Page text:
- Mike Rose, professor of social research methodology in the UCLA Graduate School of Education and Information Studies, points out that the best way to develop non-cognitive skills or “soft skills” is “through meaningful activity that has a cognitive dimension to it.” (In other words, instead of attempting to teach children the skill of trying something again and again until they are successful, teachers should connect the skill to examples, perhaps engaging them in stories of individuals who persevere.)
- Robin West, Frederick J. Haas professor of law and philosophy and associate dean at the Georgetown University Law Center, says that pre-K programs also benefit mothers living in poverty, allowing them to return to school if necessary or work. West says, “With greater income and a sense of accomplishment in the workaday world, her mothering would likely improve along with her self-esteem and overall well-being.”
- David Deming, assistant professor of education and economics at the Harvard Graduate School of Education, shares his concern that researchers and policymakers are too focused on improving the quality of early learning programs. He says, “The best available evidence suggests that access to any center-based program of reasonable quality is far more important than difference in quality across programs.” Deming believes limited public resources should first be spent on achieving 100 percent access for children from families living in poverty. He suggests expanding Head Start as one possible approach to meeting this goal.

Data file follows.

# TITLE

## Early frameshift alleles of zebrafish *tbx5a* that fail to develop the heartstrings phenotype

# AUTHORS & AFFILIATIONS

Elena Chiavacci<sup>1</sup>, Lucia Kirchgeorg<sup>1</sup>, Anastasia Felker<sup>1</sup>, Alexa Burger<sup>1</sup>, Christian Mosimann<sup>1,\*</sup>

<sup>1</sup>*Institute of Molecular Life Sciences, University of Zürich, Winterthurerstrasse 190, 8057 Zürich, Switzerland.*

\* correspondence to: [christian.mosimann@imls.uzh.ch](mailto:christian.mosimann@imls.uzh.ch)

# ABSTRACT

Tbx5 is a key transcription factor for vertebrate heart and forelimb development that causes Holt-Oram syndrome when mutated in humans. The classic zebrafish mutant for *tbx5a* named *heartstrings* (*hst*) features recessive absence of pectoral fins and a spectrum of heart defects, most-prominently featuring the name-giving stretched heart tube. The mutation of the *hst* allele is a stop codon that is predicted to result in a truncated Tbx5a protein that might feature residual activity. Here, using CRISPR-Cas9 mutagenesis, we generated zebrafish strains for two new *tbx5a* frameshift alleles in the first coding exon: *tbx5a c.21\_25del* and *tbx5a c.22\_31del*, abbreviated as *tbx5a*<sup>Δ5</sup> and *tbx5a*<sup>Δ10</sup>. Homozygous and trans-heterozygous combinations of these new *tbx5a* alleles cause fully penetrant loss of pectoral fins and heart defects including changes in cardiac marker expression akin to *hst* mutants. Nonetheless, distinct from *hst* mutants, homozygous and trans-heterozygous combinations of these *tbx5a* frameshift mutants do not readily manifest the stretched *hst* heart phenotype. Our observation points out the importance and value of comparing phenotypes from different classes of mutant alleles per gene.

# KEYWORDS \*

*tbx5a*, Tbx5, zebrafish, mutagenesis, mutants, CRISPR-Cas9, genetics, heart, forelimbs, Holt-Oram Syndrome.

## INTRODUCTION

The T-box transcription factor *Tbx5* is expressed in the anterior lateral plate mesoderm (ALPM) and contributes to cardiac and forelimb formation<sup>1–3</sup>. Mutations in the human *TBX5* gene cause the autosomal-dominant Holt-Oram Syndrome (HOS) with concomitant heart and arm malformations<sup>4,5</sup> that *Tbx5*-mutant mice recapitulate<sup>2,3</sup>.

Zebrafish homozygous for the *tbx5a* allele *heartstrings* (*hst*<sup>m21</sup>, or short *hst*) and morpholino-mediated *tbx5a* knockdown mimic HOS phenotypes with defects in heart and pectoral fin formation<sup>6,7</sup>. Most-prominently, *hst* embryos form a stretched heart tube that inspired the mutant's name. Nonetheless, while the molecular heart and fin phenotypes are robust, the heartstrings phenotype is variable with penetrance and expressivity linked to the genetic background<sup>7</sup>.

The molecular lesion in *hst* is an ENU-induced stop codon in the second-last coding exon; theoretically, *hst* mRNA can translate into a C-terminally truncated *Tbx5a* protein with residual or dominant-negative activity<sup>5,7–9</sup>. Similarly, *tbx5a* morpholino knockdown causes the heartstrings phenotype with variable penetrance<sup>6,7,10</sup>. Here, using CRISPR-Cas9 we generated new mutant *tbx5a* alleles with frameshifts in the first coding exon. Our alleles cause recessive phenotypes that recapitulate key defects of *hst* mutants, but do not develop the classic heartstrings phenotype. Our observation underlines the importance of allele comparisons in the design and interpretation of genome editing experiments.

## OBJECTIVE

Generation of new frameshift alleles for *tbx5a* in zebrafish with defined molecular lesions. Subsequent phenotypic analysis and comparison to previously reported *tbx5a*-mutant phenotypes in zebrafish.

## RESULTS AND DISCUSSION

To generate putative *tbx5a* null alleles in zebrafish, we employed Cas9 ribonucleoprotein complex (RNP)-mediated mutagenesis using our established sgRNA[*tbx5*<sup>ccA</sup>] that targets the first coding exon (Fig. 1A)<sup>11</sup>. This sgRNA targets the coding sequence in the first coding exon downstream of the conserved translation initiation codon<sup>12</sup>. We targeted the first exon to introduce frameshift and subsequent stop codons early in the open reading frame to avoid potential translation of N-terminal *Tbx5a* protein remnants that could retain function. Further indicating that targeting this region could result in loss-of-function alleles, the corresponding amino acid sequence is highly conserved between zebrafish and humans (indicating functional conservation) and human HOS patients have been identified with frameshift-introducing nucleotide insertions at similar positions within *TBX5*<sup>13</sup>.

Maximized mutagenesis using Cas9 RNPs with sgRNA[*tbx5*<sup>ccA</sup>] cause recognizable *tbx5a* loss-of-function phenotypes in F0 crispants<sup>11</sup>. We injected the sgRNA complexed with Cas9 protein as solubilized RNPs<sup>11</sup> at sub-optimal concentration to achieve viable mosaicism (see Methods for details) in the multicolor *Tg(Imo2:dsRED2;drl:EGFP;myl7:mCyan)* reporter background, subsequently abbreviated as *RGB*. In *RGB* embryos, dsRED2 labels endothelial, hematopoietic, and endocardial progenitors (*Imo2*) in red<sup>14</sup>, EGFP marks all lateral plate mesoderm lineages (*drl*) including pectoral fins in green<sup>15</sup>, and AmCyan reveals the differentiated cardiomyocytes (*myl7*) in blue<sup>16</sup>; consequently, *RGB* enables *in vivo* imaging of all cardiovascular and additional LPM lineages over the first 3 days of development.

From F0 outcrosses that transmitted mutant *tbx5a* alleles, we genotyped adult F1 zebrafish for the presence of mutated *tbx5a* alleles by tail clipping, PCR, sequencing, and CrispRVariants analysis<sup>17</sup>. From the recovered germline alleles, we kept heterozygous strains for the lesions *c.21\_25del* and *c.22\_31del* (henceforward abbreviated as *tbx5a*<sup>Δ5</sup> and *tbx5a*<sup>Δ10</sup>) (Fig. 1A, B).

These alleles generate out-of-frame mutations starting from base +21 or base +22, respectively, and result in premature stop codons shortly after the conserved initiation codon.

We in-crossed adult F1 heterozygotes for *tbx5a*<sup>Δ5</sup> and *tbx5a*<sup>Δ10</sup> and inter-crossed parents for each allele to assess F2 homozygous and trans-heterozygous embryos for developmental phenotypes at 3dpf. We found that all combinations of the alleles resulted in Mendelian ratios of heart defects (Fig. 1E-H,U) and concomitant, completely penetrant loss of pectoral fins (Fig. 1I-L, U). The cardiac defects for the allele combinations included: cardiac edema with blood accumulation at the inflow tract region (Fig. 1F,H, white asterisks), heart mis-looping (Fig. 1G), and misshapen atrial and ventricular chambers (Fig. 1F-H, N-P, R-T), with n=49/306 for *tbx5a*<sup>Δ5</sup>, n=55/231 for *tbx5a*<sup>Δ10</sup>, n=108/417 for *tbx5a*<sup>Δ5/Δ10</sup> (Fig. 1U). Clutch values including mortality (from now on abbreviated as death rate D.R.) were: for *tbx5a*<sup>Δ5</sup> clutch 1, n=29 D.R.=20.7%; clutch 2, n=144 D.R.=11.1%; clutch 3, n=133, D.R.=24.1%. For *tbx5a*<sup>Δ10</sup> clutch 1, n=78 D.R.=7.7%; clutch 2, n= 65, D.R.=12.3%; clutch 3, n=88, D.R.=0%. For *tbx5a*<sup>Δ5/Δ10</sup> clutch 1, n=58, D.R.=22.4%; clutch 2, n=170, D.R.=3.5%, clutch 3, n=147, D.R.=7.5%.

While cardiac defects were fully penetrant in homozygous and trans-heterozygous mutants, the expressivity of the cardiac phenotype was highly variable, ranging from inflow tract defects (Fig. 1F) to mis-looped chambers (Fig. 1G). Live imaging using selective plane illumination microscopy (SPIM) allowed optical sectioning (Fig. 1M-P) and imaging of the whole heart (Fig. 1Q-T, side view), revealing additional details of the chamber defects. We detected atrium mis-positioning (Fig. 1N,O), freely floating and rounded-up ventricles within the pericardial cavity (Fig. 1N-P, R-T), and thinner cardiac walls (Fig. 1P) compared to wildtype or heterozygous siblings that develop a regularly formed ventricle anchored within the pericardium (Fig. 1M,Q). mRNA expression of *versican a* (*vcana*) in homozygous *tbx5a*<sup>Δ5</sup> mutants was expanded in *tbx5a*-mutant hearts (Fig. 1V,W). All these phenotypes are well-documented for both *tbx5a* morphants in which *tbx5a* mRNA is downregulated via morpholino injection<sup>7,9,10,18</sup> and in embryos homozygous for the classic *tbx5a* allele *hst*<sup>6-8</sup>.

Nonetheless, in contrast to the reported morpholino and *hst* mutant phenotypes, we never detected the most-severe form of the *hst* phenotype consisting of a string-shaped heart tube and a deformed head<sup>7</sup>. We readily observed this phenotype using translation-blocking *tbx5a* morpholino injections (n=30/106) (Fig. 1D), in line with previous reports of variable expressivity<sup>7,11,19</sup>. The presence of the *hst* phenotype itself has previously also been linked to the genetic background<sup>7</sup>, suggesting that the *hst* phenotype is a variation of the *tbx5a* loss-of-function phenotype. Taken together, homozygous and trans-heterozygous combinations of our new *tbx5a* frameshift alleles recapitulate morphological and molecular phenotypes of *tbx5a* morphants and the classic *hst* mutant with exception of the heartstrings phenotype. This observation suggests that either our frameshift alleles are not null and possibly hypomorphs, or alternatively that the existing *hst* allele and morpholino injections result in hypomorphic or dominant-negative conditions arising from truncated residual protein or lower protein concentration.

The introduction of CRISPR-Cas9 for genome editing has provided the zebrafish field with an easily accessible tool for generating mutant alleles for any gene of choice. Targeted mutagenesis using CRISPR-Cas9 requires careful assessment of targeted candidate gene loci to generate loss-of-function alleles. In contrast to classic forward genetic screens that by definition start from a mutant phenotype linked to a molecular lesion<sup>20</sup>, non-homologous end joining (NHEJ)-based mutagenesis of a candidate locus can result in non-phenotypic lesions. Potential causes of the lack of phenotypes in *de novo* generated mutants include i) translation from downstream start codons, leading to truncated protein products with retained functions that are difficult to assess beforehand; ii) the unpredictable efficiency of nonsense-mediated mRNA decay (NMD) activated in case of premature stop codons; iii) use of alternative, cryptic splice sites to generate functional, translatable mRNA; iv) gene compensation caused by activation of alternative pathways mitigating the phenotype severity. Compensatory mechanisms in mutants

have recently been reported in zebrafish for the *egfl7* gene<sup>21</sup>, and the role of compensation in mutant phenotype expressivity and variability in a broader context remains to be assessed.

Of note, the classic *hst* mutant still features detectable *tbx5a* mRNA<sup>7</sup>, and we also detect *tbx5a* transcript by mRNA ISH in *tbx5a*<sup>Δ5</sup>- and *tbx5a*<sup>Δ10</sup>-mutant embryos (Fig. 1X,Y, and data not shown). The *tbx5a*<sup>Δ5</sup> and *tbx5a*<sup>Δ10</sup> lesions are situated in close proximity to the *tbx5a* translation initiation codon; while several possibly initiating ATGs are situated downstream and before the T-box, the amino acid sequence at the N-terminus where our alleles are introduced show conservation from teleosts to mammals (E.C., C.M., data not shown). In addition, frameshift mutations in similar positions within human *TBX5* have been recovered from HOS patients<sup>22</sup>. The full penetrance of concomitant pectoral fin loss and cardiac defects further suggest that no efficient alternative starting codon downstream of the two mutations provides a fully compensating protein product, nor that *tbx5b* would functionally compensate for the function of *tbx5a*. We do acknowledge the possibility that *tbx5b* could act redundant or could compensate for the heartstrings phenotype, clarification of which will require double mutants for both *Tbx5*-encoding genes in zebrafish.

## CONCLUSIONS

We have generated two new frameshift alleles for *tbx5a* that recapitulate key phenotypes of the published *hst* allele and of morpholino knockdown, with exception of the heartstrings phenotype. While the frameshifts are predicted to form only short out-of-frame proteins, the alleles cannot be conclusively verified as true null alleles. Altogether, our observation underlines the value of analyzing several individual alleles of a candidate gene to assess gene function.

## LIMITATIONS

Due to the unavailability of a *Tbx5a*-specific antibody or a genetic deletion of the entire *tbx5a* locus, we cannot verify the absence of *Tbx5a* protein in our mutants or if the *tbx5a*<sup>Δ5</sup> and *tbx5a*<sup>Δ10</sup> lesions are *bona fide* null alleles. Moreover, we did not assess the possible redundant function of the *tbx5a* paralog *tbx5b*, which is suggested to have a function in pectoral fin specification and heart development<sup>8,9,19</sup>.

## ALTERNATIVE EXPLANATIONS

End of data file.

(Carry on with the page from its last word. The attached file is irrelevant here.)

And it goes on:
- Annette Lareau, Stanley I. Sheerr Term professor in the social sciences at the University of Pennsylvania, cautions policymakers not to “ignore failing social institutions that compound poor children’s disadvantage.” She says the quality of the services that institutions such as public schools, social services providers, health clinics and the court system provide vary depending on the social class of the clients being served. Interacting with these institutions can often be a negative experience for poor families. Because of this, working class families are frequently less trusting of public institutions than are middle-class families.
- Lelac Almagor, a teacher at KIPP DC: AIM Academy in Washington, D.C, says, “Even when we have identified the very best programs, funded them and set them in motion, we can’t set our hearts on the hope that they’ll ‘predistribute’ opportunity equally.” (Heckman introduces the idea of predistribution over redistribution. He says many believe that redistributing income is an effective way to address poverty and promote social mobility. But recent work has shown that while redistribution helps at a point in time, it does not have lasting effects on its own. Predistribution – improving the quality of parenting and early environments of poor children – is more likely to promote long-term social mobility.) Almagor argues that we will still need to develop effective programs for not just preschoolers, but also for school-aged children as well as parents.
- Geoffrey Canada, president and CEO of Harlem Children’s Zone, says, “Without bolstering early-education for children, our public schools will be handicapped in fulfilling their mandate for a large portion of their students – particularly those of poor parents.” Although he also emphasizes the need to improve efforts to support children throughout their lives, not just in the early years.